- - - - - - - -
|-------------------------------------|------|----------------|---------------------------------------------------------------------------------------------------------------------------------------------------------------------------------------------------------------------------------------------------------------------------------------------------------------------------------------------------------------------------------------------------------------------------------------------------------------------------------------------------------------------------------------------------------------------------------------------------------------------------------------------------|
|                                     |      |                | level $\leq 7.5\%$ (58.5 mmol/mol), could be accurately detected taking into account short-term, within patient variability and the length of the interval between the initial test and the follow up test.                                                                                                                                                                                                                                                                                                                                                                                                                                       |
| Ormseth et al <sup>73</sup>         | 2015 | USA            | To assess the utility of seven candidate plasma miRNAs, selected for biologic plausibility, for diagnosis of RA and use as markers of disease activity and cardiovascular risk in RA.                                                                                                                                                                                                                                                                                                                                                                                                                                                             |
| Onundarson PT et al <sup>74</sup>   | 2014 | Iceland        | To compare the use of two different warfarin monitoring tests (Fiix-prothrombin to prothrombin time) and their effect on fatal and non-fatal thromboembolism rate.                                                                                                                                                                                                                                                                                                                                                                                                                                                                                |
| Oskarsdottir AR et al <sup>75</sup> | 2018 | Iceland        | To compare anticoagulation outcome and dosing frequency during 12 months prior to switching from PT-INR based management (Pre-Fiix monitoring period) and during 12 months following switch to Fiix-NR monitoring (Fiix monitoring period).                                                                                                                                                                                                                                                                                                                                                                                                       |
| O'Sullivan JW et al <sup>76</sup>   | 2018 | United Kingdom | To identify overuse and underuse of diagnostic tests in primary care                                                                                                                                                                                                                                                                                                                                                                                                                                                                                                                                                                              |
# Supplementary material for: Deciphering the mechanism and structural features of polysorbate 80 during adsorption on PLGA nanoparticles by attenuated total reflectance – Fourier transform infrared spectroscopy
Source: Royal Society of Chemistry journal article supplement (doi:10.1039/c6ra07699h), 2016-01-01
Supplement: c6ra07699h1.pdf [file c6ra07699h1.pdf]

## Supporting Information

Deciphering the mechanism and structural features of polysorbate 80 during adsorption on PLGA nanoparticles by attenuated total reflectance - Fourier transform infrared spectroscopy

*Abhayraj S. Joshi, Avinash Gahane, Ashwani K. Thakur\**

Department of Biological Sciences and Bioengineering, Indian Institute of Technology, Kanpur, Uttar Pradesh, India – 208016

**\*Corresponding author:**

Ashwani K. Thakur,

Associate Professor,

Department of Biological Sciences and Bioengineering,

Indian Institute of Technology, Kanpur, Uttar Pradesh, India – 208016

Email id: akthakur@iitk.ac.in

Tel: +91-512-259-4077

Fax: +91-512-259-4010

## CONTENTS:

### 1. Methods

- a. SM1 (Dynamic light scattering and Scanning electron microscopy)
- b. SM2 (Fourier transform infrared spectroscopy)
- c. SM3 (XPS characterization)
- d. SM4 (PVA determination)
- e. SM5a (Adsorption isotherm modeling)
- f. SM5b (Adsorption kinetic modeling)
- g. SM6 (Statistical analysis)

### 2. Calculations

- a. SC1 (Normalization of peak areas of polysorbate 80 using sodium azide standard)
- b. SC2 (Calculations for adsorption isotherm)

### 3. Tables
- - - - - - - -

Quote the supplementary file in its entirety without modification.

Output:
|-------------------------------------|------|----------------|---------------------------------------------------------------------------------------------------------------------------------------------------------------------------------------------------------------------------------------------------------------------------------------------------------------------------------------------------------------------------------------------------------------------------------------------------------------------------------------------------------------------------------------------------------------------------------------------------------------------------------------------------|
|                                     |      |                | level $\leq 7.5\%$ (58.5 mmol/mol), could be accurately detected taking into account short-term, within patient variability and the length of the interval between the initial test and the follow up test.                                                                                                                                                                                                                                                                                                                                                                                                                                       |
| Ormseth et al <sup>73</sup>         | 2015 | USA            | To assess the utility of seven candidate plasma miRNAs, selected for biologic plausibility, for diagnosis of RA and use as markers of disease activity and cardiovascular risk in RA.                                                                                                                                                                                                                                                                                                                                                                                                                                                             |
| Onundarson PT et al <sup>74</sup>   | 2014 | Iceland        | To compare the use of two different warfarin monitoring tests (Fiix-prothrombin to prothrombin time) and their effect on fatal and non-fatal thromboembolism rate.                                                                                                                                                                                                                                                                                                                                                                                                                                                                                |
| Oskarsdottir AR et al <sup>75</sup> | 2018 | Iceland        | To compare anticoagulation outcome and dosing frequency during 12 months prior to switching from PT-INR based management (Pre-Fiix monitoring period) and during 12 months following switch to Fiix-NR monitoring (Fiix monitoring period).                                                                                                                                                                                                                                                                                                                                                                                                       |
| O'Sullivan JW et al <sup>76</sup>   | 2018 | United Kingdom | To identify overuse and underuse of diagnostic tests in primary care                                                                                                                                                                                                                                                                                                                                                                                                                                                                                                                                                                              |
# Supplementary material for: Deciphering the mechanism and structural features of polysorbate 80 during adsorption on PLGA nanoparticles by attenuated total reflectance – Fourier transform infrared spectroscopy
Source: Royal Society of Chemistry journal article supplement (doi:10.1039/c6ra07699h), 2016-01-01
Supplement: c6ra07699h1.pdf [file c6ra07699h1.pdf]

## Supporting Information

Deciphering the mechanism and structural features of polysorbate 80 during adsorption on PLGA nanoparticles by attenuated total reflectance - Fourier transform infrared spectroscopy

*Abhayraj S. Joshi, Avinash Gahane, Ashwani K. Thakur\**

Department of Biological Sciences and Bioengineering, Indian Institute of Technology, Kanpur, Uttar Pradesh, India – 208016

**\*Corresponding author:**

Ashwani K. Thakur,

Associate Professor,

Department of Biological Sciences and Bioengineering,

Indian Institute of Technology, Kanpur, Uttar Pradesh, India – 208016

Email id: akthakur@iitk.ac.in

Tel: +91-512-259-4077

Fax: +91-512-259-4010

## CONTENTS:

### 1. Methods

- a. SM1 (Dynamic light scattering and Scanning electron microscopy)
- b. SM2 (Fourier transform infrared spectroscopy)
- c. SM3 (XPS characterization)
- d. SM4 (PVA determination)
- e. SM5a (Adsorption isotherm modeling)
- f. SM5b (Adsorption kinetic modeling)
- g. SM6 (Statistical analysis)

### 2. Calculations

- a. SC1 (Normalization of peak areas of polysorbate 80 using sodium azide standard)
- b. SC2 (Calculations for adsorption isotherm)

### 3. Tables